WEEK TWO PRIZE: The first 2 books in Dom Testa's Galahad series, The Comet's Curse and the Web of Titan and a copy of Diane Sieg's book, Stop Living Life Like and Emergency. To enter, leave a comment (be sure to include your email). Winners will be chosen on Tuesday. For another entry, visit the NCW Facebook page Friday through Tuesday and answer the Friday Question of the Week.
For this week's Countdown to the Conference Post, I want to introduce you to the two keynote speakers for the Northern Colorado Writers Conference and share my brief email interview with each of them.
The opening keynote speaker on Friday night is award-winning author, speaker, and broadcaster, Dom Testa. For the past decade he has captained The Dom and Jane Show on Denver's Mix100, and with an audience of nearly a quarter-million people per day, he's become an extended family member to generations of listeners.
Q: Can you tell me about your publishing journey?
After working with students for years, hosting writing workshops and assemblies, I knew that the time had come to write something for that audience. The concept that most appealed to me included a setting where teenage characters would be forced to rely on themselves and each other without any assistance from adults. With that in mind, the Galahad series was born.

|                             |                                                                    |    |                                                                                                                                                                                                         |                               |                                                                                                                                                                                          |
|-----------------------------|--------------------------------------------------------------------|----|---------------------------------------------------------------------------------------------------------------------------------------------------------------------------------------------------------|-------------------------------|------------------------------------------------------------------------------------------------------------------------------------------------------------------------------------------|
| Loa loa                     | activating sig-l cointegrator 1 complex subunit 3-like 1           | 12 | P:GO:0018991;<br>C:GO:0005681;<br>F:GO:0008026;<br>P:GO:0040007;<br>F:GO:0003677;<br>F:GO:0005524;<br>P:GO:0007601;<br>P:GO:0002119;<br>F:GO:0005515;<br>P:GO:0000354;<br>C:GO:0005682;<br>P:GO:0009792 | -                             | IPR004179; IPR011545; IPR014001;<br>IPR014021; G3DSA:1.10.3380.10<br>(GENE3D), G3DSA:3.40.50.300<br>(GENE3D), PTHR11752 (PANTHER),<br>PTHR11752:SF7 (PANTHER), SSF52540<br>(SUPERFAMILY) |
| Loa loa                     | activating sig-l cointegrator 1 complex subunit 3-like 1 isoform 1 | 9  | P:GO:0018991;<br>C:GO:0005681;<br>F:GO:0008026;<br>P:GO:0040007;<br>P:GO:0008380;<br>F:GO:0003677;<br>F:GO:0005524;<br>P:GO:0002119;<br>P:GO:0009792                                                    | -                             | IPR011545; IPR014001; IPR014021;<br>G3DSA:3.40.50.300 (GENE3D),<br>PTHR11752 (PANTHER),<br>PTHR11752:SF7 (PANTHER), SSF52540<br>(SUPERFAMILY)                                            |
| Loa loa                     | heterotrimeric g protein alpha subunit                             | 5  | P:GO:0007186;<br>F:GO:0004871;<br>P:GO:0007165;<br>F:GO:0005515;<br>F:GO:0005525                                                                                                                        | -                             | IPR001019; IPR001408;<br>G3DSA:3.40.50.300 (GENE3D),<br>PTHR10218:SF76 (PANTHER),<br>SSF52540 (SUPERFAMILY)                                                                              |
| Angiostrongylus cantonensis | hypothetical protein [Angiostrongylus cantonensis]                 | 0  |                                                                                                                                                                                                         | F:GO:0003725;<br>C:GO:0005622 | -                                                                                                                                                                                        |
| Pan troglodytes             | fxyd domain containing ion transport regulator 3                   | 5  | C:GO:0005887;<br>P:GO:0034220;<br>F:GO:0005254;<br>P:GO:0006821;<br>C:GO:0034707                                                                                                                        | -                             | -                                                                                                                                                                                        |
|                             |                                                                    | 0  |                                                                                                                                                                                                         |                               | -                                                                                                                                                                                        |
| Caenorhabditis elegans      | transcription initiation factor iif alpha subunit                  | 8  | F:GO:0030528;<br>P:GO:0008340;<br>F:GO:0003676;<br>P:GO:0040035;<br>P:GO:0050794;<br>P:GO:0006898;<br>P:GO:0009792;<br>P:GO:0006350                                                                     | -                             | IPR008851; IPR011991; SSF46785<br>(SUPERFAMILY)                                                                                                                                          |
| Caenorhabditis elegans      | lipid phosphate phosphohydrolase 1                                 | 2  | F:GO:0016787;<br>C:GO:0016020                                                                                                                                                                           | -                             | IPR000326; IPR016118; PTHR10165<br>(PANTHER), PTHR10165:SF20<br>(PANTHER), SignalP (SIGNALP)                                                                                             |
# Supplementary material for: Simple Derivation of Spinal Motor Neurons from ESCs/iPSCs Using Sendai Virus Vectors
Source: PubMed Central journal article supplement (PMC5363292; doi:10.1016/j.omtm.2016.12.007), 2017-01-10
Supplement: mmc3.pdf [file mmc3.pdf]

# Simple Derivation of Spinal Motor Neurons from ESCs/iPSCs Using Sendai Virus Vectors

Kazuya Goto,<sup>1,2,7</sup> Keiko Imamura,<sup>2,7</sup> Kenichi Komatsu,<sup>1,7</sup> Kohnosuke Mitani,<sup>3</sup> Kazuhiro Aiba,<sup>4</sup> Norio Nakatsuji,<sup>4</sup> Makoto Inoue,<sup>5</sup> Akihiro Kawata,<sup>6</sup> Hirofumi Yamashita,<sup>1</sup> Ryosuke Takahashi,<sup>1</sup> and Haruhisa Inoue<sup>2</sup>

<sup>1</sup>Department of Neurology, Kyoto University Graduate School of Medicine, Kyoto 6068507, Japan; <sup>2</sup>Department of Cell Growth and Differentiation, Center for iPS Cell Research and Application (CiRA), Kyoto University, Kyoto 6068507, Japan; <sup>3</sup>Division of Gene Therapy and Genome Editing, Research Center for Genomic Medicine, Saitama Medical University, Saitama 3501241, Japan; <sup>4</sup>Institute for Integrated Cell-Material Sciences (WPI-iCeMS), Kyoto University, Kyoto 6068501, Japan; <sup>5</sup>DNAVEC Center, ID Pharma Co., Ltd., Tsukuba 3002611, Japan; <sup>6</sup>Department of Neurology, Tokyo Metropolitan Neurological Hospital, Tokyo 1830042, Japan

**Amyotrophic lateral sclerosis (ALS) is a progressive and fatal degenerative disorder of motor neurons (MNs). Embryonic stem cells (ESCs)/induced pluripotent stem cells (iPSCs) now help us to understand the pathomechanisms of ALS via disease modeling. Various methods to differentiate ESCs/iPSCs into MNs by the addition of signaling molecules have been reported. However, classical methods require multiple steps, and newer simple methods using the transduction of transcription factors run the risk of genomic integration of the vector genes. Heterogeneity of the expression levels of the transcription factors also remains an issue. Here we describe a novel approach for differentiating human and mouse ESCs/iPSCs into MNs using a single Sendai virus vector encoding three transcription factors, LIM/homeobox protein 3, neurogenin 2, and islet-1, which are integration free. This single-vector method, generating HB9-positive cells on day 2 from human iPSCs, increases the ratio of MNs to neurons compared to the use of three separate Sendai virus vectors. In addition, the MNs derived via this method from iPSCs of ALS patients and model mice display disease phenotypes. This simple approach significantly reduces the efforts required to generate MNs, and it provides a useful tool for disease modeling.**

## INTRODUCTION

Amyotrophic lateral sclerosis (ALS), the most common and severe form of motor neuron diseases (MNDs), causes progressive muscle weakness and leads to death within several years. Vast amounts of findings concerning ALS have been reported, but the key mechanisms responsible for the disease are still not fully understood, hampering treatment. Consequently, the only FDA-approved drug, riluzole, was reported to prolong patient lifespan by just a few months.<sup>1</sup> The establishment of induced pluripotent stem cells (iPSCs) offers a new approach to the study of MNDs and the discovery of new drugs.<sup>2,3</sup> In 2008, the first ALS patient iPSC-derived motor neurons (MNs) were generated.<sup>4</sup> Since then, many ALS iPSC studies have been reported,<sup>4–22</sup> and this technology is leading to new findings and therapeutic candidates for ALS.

The first book, The Comet's Curse, took a considerable amount of time to finish, because (like many writers) I often put it aside, sometimes for months at a time. But the moment arrives when an author is like a mother going into labor: the book has to come out, whether you're ready or not. Because I wanted the books to act as a calling card for my work with schools, I chose to not take the traditional publishing route at first. I didn't want to wait on an agent, then wait on acceptance by a publisher, then wait another year or two for the books to hit shelves. So I chose to create my own publishing company and do it all myself.